It's a departure for the company, which has resisted the sorts of joint-venture deals that have been all the rage amongst its oilpatch peers in recent years.
Canadian Natural (TSX:CNQ) is the largest player in the Montney formation, which stretches through parts of northeastern B.C. and northwestern Alberta.
On Thursday, it said it is looking to "monetize" about a quarter of the more than 400,000 hectares it controls in the Montney. The land being offered is in the Graham Kobes area of B.C., an area rich in valuable natural gas liquids and outside of what Canadian Natural considers to be its core position.
Canadian Natural has drastically slowed its natural gas production, with prices of the commodity in the doldrums for several years now.
It is considering either an outright sale or a joint-venture deal with a partner with liquefied natural gas, or LNG, expertise. So far, Canadian Natural has also chosen not to join the throng of companies looking to export LNG from the West Coast.
On a conference call with analysts, Canadian Natural president Steve Laut acknowledged that the company has "not been keen" on joint ventures historically.
"We believe having a high degree of control of our capital allocation allows us to maximize value. We also believe the efforts of our strong team should be directed to creating value for our shareholders, not working interest partners. That is still the case," he said.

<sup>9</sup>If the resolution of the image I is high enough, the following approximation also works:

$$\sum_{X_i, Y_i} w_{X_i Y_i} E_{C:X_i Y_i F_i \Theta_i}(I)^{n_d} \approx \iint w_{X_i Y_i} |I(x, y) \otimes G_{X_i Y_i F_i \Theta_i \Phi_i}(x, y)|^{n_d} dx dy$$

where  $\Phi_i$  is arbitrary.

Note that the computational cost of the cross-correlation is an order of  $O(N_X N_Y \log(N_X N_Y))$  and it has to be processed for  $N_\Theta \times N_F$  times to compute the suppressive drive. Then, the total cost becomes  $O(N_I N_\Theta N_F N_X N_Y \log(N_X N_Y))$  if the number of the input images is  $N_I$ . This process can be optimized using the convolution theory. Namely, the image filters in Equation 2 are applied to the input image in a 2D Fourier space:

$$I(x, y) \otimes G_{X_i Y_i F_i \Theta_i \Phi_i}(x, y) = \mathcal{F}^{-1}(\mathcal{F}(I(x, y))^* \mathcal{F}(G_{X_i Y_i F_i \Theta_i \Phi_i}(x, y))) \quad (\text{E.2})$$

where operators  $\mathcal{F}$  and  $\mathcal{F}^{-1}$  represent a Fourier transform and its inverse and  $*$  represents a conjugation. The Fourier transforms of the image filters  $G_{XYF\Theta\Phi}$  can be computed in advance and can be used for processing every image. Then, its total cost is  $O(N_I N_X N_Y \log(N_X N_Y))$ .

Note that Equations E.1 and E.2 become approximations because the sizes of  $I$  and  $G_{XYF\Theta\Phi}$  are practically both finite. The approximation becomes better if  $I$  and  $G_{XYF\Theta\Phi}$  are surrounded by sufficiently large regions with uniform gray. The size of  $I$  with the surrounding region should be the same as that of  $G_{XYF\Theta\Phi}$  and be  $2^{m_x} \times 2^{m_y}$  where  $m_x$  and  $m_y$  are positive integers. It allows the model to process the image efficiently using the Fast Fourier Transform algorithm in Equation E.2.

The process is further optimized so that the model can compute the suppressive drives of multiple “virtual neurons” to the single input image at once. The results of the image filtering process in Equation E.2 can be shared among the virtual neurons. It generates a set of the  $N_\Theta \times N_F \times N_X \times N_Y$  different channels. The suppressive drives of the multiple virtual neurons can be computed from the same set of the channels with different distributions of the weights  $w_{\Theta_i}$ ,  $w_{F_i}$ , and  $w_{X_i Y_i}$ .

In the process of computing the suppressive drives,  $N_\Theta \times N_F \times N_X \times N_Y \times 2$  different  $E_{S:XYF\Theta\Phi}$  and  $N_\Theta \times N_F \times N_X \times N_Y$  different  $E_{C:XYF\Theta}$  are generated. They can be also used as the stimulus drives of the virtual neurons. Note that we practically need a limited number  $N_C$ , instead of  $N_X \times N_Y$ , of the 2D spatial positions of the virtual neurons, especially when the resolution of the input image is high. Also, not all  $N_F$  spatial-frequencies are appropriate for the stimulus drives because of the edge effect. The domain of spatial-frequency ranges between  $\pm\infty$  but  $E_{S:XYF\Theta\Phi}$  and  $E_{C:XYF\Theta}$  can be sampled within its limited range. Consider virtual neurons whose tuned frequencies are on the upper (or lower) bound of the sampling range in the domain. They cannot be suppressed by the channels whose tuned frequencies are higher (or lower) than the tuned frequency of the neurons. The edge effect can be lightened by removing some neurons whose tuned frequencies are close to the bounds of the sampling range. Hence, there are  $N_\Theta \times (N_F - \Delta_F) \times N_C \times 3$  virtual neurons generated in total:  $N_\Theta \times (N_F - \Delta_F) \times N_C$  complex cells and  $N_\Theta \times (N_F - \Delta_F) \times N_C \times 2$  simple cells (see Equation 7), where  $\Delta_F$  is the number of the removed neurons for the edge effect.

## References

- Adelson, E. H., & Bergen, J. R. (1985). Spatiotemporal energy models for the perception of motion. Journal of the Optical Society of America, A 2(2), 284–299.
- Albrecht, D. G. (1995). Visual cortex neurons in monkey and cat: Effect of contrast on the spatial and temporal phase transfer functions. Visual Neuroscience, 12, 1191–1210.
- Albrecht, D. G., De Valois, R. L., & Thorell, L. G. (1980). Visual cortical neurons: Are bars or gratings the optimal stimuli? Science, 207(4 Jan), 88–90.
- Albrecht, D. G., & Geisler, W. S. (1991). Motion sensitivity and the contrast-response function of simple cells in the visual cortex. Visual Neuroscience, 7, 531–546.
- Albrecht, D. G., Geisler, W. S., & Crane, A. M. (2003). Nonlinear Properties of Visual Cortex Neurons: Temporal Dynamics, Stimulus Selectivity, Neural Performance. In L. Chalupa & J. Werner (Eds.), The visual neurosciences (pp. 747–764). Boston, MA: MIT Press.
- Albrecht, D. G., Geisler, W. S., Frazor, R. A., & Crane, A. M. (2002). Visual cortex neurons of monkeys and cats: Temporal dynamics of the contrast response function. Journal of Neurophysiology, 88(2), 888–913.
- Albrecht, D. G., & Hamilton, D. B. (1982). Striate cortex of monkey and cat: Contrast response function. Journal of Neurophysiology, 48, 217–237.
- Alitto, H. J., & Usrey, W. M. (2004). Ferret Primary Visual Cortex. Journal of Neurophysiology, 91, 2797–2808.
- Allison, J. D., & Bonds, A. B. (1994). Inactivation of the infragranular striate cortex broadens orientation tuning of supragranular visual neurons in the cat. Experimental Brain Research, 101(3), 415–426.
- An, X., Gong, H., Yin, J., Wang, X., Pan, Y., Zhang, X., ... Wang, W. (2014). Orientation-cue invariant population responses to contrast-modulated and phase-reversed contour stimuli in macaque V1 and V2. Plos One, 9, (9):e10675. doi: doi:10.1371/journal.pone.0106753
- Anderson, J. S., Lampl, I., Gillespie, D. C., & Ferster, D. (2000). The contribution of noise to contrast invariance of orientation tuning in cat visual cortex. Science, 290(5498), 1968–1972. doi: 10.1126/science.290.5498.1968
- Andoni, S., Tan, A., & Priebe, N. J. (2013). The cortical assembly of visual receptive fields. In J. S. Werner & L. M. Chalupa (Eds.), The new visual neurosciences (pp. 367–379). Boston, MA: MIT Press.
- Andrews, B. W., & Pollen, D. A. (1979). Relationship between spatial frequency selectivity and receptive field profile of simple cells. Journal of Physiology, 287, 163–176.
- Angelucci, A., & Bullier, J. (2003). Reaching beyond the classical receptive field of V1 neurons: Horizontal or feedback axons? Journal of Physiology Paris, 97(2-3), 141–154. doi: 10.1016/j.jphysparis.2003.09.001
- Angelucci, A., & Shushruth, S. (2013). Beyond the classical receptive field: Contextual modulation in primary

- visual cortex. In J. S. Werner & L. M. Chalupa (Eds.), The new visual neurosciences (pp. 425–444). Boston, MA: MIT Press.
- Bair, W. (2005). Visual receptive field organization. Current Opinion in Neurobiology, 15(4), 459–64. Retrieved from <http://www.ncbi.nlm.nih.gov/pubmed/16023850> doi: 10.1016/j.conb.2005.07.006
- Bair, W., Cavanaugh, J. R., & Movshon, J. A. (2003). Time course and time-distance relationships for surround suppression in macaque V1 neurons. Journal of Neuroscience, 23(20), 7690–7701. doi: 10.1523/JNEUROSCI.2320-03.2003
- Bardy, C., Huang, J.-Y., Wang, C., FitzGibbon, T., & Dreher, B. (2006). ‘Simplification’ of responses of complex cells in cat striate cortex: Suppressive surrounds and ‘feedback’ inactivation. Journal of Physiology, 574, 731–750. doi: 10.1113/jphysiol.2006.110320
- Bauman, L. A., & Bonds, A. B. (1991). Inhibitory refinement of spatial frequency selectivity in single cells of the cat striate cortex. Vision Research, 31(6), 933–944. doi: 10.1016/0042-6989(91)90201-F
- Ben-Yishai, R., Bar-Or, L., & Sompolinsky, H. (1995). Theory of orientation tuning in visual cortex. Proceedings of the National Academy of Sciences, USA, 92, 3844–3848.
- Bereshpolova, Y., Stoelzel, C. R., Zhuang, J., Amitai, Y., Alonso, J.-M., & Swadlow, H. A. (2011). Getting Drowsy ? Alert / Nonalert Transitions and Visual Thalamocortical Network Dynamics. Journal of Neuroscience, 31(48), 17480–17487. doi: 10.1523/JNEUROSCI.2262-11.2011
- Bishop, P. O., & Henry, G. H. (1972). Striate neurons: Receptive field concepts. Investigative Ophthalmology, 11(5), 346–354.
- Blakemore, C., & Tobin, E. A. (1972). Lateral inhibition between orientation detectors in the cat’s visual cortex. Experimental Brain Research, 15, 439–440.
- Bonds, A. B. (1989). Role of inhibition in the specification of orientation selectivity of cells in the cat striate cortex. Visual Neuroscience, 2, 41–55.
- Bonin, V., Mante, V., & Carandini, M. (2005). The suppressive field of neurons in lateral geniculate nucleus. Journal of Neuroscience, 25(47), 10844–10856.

"However, in this situation, when we look at the size of our Montney land base and balancing our capital allocation going forward, combined with the strong demand that we see for this type of high quality asset, plus the fact that Graham Kobes is somewhat removed from our core Montney asset base, it is prudent to monetize a portion of our Montney asset base at this time."
Earlier Thursday, Canadian Natural reported a drop in fourth-quarter results and hiked its dividend for the 13th year in a row.
The company earned $352 million, or 32 cents per diluted share, down from $832 million, or 76 cents per share, in the fourth quarter of 2011. Revenue fell to $3.7 billion from $4.2 billion.
On an adjusted basis, the company earned 33 cents per share — down from 88 cents a year earlier and six cents below the consensus estimate of 39 cents per share.
Despite these setbacks, Canadian Natural said its quarterly dividend will rise by two cents per share or 19 per cent to 12.5 cents per share.
On an annualized basis, the dividend will be 50 cents per share and at the latest closing price for Canadian Natural common stock the dividend's yield is about 1.6 per cent.
Canadian Natural shares rose 86 cents, or nearly three per cent, to $32.02 in mid-day trading on the Toronto Stock Exchange Thursday.
The company also announced some management changes on Thursday.
After 37 years at the company, John Langille will retire as vice-chairman after Canadian Natural's annual general meeting in May.
Chief operating officer Tim McKay will have executive vice-president added to his title.
Corey Bieber will become chief financial officer and senior vice-president of finance. Douglas Proll, who had previously held those titles, will become executive vice-president.